In Article 2.4: Family Passages we will contemplate some of life’s chapters, thinking about what might happen on all levels of the family at these times. While there are many passages to explore, we will look at these transitional times in family life: birth, childhood, adolescence, leaving home, mid-life and beyond, and finally death. Each marks a turning point and a significant developmental phase in family life. As astrologers this will help us become aware of the trans-generational nature of cycles and progressions and how our development parallels that of the family.
Family patterns, as we have been exploring, are already inborn. Therefore these images will also be embedded in our horoscopes and what we might refer to as fate, since we seem to have no conscious choice about what we have inherited. We will turn to consider Fate and the Family in Article 2.5. This article will be in two parts. The first part will explore the transmission of patterns through the family atmosphere, examining birth order and themes of family dysfunction such as boundaries, narcissistic parenting, abandonment, family secrets, unexpressed anger, neglect and abuse as well as voids in the family. The second part will investigate how patterns or fate may be perceived through family horoscopes. Some ways of observing repetitive patterns in family horoscopes will be through signs and sign polarities, degrees of the zodiac, planetary aspects, angular planets as well as planetary themes.
Finally we will end this module with Article 2.6: A Family Portrait, likening the horoscope to a family portrait. In other words all family members are pictured in our horoscopes whether we are able to see them or not. I have used the example of Sigmund Freud to draw out some themes. I have endeavoured to show how some family themes resonate with images from his horoscope and how these were consistent with his personality and his psychological theories. What is apparent is how confined we often feel when trying to express the complexity of the horoscope through language. The astrological symbols and images are so much greater, more mysterious and profound than the language used to express them. But as astrologers we marvel at their truth.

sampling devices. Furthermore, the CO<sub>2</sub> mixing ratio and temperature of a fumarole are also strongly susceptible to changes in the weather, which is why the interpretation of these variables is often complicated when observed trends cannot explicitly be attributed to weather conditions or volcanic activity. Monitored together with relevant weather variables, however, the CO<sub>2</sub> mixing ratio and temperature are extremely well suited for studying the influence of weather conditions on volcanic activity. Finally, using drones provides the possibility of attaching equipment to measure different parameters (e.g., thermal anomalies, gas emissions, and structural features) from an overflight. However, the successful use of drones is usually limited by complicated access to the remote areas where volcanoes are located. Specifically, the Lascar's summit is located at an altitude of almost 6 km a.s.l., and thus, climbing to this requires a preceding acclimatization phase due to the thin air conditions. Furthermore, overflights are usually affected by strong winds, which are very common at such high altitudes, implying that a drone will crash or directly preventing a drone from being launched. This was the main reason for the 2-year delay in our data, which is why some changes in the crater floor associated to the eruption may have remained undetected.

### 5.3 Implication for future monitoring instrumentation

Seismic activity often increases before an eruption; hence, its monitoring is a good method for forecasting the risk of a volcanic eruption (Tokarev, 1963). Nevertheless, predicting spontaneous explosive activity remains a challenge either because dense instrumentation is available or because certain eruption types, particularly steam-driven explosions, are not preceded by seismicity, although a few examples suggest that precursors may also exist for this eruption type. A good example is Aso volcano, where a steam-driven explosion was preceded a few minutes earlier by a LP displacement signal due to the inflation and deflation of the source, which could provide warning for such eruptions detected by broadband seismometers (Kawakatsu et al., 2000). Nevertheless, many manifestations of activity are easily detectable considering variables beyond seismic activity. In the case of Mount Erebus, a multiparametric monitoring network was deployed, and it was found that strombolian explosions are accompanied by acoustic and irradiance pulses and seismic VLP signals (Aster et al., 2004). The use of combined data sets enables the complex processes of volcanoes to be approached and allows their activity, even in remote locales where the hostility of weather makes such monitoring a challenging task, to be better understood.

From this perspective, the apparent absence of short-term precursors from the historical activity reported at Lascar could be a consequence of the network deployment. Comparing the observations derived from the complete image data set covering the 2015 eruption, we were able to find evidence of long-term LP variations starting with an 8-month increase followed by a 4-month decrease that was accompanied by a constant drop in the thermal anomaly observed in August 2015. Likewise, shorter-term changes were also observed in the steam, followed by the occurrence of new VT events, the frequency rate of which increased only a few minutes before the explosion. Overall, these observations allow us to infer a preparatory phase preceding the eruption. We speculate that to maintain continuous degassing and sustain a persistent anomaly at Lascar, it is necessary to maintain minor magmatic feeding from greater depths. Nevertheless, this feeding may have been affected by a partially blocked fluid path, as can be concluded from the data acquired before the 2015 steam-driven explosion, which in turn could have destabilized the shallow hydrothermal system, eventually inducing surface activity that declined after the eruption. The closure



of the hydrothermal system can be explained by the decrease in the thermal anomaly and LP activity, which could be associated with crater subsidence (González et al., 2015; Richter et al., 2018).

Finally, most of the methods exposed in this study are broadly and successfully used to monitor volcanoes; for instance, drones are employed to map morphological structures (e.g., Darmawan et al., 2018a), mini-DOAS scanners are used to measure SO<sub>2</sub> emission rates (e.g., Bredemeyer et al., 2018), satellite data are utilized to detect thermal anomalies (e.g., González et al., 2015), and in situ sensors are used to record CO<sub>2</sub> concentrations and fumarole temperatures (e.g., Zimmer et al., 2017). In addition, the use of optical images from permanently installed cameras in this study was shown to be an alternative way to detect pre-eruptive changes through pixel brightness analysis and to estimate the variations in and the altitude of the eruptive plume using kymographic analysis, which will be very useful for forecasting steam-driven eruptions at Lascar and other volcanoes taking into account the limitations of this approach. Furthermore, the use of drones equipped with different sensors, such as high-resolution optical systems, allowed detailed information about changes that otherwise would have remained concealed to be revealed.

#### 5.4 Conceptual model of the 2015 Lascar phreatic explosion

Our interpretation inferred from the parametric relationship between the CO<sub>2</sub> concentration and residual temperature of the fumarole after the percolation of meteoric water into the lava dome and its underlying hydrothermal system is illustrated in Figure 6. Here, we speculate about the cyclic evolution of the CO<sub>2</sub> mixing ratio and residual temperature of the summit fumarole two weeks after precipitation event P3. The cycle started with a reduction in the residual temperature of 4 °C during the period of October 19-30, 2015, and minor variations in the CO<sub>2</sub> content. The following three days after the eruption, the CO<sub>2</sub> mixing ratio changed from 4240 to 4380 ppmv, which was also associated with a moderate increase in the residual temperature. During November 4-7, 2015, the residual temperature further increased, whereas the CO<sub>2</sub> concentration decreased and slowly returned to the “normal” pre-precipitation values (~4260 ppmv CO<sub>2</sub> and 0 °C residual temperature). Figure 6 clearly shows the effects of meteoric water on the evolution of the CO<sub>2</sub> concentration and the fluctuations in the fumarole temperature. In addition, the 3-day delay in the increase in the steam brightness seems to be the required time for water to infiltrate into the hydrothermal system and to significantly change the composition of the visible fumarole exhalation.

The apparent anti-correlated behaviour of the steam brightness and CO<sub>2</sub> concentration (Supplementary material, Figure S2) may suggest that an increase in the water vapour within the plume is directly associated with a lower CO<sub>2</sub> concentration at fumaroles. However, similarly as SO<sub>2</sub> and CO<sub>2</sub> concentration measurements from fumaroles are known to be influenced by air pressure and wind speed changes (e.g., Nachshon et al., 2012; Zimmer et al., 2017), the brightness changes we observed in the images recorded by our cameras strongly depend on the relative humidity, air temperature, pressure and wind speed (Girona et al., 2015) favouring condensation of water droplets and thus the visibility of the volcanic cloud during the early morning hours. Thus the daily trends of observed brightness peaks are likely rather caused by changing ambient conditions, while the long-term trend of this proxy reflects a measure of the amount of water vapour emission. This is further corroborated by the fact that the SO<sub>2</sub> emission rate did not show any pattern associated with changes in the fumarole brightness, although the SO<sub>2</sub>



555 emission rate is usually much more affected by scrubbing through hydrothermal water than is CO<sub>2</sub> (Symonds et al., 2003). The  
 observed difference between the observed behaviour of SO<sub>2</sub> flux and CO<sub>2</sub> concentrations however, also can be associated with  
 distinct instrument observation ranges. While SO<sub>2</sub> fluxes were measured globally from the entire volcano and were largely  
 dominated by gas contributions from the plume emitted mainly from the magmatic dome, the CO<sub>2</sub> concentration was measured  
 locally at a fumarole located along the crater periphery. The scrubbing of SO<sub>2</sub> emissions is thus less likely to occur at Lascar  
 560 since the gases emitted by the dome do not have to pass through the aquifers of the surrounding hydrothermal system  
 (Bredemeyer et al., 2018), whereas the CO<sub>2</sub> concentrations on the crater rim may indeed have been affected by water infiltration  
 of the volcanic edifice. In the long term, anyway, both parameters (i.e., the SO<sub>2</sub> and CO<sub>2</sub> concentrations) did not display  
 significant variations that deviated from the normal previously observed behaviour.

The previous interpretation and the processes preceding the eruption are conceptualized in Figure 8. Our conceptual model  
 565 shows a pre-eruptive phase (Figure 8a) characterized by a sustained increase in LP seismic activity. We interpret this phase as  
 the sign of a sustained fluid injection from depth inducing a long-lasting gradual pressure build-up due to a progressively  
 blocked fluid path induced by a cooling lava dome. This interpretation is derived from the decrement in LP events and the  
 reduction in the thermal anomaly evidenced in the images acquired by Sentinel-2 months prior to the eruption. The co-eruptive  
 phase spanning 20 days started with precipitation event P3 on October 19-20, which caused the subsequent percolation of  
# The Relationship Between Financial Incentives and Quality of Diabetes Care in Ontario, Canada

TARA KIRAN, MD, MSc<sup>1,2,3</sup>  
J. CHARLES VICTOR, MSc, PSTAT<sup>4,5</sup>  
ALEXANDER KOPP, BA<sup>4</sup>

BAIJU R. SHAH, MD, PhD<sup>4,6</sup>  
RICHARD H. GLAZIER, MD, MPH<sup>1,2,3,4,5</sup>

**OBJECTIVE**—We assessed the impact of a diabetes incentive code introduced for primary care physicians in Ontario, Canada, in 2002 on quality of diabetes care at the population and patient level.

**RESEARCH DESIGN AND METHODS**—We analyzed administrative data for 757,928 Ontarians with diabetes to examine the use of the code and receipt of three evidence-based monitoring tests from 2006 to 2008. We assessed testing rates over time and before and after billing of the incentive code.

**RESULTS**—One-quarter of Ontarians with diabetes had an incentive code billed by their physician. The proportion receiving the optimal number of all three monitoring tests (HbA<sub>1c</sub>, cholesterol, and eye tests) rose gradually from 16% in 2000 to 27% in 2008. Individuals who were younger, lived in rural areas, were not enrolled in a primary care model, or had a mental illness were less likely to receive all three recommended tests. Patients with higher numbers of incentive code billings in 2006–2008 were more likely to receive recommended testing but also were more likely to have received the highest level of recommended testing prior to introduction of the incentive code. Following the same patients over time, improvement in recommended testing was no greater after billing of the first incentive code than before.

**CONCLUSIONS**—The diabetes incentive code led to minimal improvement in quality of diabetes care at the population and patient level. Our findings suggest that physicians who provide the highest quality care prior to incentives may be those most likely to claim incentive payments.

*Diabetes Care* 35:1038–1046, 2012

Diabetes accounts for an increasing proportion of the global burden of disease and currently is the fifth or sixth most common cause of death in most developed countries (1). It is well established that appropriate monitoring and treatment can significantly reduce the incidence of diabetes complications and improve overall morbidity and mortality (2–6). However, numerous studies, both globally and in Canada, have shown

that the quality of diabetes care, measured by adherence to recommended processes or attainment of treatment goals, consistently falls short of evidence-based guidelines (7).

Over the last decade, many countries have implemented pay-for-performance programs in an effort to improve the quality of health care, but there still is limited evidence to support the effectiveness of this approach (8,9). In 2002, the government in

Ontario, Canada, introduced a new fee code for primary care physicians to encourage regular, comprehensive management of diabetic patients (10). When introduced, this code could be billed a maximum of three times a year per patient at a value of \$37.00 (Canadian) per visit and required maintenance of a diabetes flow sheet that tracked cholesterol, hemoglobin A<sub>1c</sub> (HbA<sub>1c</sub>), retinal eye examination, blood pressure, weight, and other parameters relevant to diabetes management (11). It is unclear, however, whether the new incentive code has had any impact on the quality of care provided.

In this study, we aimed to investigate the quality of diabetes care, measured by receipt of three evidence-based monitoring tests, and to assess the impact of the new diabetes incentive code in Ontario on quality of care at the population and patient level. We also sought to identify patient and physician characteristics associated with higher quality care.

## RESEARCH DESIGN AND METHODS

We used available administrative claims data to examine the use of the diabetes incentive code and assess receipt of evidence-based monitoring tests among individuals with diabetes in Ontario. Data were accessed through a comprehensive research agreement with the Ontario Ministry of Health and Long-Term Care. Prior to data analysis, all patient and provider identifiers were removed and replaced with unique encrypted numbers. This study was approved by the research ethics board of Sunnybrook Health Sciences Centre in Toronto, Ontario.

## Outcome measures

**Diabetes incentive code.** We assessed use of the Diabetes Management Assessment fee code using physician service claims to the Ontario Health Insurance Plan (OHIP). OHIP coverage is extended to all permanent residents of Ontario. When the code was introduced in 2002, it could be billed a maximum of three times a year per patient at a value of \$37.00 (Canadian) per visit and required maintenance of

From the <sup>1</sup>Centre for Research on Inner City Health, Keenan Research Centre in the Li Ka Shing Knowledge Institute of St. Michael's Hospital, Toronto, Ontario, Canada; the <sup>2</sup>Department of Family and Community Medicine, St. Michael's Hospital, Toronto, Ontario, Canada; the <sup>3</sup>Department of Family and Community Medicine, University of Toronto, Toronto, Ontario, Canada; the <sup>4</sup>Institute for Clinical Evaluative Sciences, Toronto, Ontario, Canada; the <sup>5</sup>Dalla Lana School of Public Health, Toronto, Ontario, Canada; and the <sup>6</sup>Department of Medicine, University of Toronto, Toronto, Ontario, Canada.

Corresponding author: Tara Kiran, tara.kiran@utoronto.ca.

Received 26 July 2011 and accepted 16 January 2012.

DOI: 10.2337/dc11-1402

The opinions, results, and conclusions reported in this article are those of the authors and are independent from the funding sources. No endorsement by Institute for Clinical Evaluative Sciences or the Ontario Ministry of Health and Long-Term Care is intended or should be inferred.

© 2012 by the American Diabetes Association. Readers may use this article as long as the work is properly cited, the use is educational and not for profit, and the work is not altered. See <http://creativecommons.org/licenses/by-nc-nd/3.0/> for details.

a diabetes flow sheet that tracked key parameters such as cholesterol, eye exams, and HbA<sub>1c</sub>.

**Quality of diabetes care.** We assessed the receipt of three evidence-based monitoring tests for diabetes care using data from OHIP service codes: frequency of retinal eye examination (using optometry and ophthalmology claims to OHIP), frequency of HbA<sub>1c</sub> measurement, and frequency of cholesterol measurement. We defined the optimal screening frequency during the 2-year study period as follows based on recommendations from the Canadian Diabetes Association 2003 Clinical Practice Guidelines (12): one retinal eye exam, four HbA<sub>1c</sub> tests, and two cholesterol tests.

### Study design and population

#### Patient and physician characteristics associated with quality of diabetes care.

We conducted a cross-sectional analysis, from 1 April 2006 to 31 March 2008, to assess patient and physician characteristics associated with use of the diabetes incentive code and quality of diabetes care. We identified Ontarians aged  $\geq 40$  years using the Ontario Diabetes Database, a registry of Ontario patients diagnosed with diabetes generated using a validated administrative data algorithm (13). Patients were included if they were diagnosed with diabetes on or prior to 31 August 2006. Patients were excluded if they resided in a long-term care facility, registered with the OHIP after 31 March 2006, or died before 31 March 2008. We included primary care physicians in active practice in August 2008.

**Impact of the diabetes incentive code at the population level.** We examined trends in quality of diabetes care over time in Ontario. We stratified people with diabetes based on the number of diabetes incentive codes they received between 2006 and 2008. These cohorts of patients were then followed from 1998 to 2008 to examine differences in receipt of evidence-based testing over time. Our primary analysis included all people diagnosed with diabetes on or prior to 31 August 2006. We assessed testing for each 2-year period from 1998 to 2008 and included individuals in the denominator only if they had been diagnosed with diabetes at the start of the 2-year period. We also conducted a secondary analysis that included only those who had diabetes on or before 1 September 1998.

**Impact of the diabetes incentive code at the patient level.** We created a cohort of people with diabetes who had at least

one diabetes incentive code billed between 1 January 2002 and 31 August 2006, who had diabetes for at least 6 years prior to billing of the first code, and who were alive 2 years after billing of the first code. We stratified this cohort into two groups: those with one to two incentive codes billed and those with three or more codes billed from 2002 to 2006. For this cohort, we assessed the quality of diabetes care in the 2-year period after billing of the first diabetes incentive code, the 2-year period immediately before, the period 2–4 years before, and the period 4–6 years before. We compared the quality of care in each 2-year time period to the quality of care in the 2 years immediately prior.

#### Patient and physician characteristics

Throughout the module we have suggested some exercises and assignments to encourage your understanding and perception of your family inheritance. We hope that utilising the information in this module and combining your horoscope with that of your family will allow you to expand your awareness of both the horoscope and yourself.
There are many excellent books on the family, family psychology and therapy, and the stages of the family life cycle. Therefore following is only a very brief list of books that I have found helpful for a variety of reasons. We would also encourage you to revisit your favourite books that concentrate on the family and its development.
Bibliography and Recommended Reading
Bowlby, John. A Secure Base, Harper Collins (London: 1988)
Crago, Hugh. A Circle Unbroken, Allen & Unwin (St. Leonards, NSW: 1999)
McGoldrick, Monica. The Genogram Journey, Reconnecting with your Family, W.W. Norton and Co. (New York, NY: 2011)
O’Connor, Peter. Facing the Fifties, Allen & Unwin (Sydney: 2000)
Scarf, Maggie. Intimate Worlds, Ballantine Books (New York, NY: 1995)
Stein, Murray. In Midlife, Spring Publications (Dallas, TX: 1983)
Winnicott, D.W. Home is Where we start From, W.W. Norton & Company (New York: 1990)
Secrets in Families and Family Therapy, edited by Evan Imber-Black, W.W. Norton & Company (New York: 1993)
The Changing Family Life Cycle, edited by Betty Carter and Monica McGoldrick, Allyn and Bacon (Needham Heights, MA: 1989)
[i] Burnt Norton, lines 1 -5 from T.S. Eliot’s Four Quartets,